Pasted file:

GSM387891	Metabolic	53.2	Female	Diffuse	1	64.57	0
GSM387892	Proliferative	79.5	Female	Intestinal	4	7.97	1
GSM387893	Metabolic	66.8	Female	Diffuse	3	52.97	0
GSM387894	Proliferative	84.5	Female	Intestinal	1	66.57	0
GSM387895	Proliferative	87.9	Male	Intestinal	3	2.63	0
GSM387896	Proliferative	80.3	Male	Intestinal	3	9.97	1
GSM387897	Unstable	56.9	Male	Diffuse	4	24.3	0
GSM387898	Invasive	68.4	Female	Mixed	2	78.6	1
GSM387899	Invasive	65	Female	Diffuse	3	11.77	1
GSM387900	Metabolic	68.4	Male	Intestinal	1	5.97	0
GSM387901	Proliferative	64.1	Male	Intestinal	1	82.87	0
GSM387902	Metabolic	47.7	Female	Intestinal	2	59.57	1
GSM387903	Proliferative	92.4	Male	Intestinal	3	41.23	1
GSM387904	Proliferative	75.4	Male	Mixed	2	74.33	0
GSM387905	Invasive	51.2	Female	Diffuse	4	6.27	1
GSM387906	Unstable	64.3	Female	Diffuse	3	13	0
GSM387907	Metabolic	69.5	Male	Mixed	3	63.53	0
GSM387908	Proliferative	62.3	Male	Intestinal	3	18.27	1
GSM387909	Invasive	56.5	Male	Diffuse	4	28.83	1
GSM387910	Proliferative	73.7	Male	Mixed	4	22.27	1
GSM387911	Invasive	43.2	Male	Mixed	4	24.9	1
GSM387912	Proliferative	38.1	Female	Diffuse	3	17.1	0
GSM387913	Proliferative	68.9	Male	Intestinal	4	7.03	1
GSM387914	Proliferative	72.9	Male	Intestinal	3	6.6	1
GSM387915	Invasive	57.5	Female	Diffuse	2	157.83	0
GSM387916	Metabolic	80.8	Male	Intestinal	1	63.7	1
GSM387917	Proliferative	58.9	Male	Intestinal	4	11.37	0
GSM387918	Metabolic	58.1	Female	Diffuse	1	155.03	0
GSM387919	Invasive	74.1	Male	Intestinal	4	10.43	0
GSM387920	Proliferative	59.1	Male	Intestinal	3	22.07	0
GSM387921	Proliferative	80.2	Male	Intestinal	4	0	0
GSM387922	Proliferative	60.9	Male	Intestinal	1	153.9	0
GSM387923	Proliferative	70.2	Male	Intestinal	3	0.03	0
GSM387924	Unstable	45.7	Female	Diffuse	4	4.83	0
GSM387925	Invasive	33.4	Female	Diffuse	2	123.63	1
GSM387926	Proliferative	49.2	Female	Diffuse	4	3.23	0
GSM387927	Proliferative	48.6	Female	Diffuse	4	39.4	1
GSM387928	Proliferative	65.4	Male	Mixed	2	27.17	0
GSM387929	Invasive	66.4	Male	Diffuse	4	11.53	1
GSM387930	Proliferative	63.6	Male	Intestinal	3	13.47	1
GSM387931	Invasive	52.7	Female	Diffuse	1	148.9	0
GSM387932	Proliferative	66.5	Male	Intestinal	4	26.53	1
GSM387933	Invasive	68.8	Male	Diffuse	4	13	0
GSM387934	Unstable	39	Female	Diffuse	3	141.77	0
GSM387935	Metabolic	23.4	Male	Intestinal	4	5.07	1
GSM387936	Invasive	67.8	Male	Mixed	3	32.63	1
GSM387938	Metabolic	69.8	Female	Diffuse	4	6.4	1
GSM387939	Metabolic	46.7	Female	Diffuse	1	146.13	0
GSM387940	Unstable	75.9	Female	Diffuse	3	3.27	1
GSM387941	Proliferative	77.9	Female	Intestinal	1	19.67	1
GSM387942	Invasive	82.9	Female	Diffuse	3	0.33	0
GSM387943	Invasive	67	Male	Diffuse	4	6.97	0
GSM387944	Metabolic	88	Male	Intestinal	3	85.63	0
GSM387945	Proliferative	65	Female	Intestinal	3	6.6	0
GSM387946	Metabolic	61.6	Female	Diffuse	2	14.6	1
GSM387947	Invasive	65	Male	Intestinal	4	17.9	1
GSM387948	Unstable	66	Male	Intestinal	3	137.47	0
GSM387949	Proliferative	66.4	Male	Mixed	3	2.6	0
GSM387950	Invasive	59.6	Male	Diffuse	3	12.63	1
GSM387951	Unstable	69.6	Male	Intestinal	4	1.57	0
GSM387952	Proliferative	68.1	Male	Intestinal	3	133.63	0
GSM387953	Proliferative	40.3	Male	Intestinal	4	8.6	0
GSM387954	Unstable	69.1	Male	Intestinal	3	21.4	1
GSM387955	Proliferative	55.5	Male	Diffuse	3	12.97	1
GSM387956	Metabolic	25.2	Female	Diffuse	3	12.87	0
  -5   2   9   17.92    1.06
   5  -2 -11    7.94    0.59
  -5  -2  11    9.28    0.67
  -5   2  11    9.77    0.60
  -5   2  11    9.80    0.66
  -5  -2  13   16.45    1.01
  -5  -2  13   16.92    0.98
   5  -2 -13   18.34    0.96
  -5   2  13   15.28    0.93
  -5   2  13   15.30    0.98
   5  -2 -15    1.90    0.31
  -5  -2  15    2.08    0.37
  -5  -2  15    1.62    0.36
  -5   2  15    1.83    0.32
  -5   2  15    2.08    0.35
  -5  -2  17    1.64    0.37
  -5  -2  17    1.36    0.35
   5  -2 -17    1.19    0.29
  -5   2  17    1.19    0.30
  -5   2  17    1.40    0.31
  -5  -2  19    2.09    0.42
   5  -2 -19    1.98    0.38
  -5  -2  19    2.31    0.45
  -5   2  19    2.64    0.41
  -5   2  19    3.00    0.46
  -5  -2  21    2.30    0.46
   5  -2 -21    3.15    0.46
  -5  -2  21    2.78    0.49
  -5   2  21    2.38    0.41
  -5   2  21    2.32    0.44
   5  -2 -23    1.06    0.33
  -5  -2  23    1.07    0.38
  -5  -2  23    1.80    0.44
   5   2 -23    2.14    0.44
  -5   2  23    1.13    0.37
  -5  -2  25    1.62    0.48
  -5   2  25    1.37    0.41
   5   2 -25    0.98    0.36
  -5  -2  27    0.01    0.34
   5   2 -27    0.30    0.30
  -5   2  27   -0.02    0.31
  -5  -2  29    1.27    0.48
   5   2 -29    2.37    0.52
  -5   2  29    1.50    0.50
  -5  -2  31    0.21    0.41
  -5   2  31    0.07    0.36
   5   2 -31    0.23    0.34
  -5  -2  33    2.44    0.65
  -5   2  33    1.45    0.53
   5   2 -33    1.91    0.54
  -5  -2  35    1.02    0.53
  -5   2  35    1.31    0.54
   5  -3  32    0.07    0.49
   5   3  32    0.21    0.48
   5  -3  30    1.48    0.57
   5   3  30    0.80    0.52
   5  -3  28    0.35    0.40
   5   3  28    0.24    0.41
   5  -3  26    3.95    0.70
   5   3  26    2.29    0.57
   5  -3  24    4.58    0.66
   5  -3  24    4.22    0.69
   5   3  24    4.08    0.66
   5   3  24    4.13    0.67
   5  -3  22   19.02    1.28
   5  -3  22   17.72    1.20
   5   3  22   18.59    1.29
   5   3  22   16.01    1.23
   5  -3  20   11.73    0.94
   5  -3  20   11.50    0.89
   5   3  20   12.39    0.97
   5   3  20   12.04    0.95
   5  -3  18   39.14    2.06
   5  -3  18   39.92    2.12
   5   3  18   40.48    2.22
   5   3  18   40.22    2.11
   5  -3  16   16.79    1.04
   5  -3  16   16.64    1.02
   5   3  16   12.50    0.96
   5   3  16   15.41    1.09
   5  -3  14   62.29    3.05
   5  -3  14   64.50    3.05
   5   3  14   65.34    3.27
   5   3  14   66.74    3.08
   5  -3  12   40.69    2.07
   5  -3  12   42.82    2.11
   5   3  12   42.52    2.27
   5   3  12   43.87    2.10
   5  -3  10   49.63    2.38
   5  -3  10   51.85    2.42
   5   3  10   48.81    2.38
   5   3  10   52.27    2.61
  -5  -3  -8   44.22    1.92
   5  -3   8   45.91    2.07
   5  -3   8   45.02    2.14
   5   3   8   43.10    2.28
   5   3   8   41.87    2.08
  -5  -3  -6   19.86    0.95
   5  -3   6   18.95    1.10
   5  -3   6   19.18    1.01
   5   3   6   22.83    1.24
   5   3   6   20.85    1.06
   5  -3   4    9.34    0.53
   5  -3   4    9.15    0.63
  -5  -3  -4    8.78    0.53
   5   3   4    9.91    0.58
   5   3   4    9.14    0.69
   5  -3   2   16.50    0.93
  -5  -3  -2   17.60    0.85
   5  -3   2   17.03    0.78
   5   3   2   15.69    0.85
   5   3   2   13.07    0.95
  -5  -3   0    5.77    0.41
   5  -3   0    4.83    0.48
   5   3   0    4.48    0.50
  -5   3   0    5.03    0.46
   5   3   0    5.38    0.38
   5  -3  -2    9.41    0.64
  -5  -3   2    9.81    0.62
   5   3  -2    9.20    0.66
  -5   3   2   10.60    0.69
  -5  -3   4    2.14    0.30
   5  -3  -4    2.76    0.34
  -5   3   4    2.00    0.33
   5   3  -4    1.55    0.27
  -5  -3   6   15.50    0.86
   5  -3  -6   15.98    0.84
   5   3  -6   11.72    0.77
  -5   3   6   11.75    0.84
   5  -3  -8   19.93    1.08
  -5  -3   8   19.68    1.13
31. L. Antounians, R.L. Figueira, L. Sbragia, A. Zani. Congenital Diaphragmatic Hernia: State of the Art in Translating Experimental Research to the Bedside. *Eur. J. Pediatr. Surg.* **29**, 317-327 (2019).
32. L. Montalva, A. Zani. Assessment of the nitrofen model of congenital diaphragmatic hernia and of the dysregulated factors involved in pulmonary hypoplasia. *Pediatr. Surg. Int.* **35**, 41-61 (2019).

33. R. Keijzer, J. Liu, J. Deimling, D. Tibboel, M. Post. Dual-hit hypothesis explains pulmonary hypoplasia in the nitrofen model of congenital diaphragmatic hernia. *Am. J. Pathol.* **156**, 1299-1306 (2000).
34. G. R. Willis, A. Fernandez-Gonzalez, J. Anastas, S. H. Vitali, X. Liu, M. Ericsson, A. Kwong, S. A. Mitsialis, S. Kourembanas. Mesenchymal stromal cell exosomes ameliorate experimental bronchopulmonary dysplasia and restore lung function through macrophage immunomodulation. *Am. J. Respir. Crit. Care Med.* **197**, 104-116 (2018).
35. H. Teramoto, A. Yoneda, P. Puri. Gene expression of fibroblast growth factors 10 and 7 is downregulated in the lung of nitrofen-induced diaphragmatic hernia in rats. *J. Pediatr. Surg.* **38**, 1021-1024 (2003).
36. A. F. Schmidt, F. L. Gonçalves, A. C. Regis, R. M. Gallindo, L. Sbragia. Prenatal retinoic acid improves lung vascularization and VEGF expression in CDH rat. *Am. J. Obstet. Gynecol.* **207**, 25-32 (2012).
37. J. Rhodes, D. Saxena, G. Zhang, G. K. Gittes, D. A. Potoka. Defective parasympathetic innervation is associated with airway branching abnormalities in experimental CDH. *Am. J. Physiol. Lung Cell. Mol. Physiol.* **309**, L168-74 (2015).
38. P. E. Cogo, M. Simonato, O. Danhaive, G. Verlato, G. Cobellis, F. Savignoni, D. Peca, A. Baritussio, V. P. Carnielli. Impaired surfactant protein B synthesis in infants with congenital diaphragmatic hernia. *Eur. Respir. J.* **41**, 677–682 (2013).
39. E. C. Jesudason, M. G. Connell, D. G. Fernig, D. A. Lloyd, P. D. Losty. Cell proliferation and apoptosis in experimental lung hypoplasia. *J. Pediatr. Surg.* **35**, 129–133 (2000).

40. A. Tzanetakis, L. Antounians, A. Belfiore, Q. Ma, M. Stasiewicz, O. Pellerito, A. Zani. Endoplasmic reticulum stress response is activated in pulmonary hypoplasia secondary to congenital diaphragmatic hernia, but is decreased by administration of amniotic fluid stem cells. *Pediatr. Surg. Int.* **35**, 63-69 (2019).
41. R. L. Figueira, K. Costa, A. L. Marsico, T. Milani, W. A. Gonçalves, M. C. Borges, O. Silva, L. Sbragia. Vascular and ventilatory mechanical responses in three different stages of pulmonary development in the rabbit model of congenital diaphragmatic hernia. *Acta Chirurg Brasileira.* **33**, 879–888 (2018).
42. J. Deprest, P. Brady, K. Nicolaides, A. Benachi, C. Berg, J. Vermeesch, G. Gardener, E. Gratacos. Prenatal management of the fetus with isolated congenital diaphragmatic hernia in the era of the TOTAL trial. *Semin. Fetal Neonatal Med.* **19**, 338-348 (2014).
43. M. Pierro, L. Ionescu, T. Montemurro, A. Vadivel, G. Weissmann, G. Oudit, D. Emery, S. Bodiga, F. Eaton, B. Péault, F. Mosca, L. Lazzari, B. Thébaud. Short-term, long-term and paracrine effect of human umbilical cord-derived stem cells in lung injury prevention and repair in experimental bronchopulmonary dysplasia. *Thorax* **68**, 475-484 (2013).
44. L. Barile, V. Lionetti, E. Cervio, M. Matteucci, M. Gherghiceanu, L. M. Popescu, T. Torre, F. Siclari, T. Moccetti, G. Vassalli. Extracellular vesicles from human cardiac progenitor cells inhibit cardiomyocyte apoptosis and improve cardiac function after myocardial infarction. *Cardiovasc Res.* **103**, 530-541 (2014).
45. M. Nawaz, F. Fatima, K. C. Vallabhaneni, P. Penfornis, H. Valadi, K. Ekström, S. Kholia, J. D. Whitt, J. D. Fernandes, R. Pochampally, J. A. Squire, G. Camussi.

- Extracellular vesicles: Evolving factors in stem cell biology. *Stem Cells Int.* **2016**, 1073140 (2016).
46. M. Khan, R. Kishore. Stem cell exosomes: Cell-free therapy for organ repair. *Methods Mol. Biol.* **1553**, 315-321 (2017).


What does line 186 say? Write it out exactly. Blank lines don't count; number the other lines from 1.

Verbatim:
  -5   3   2   10.60    0.69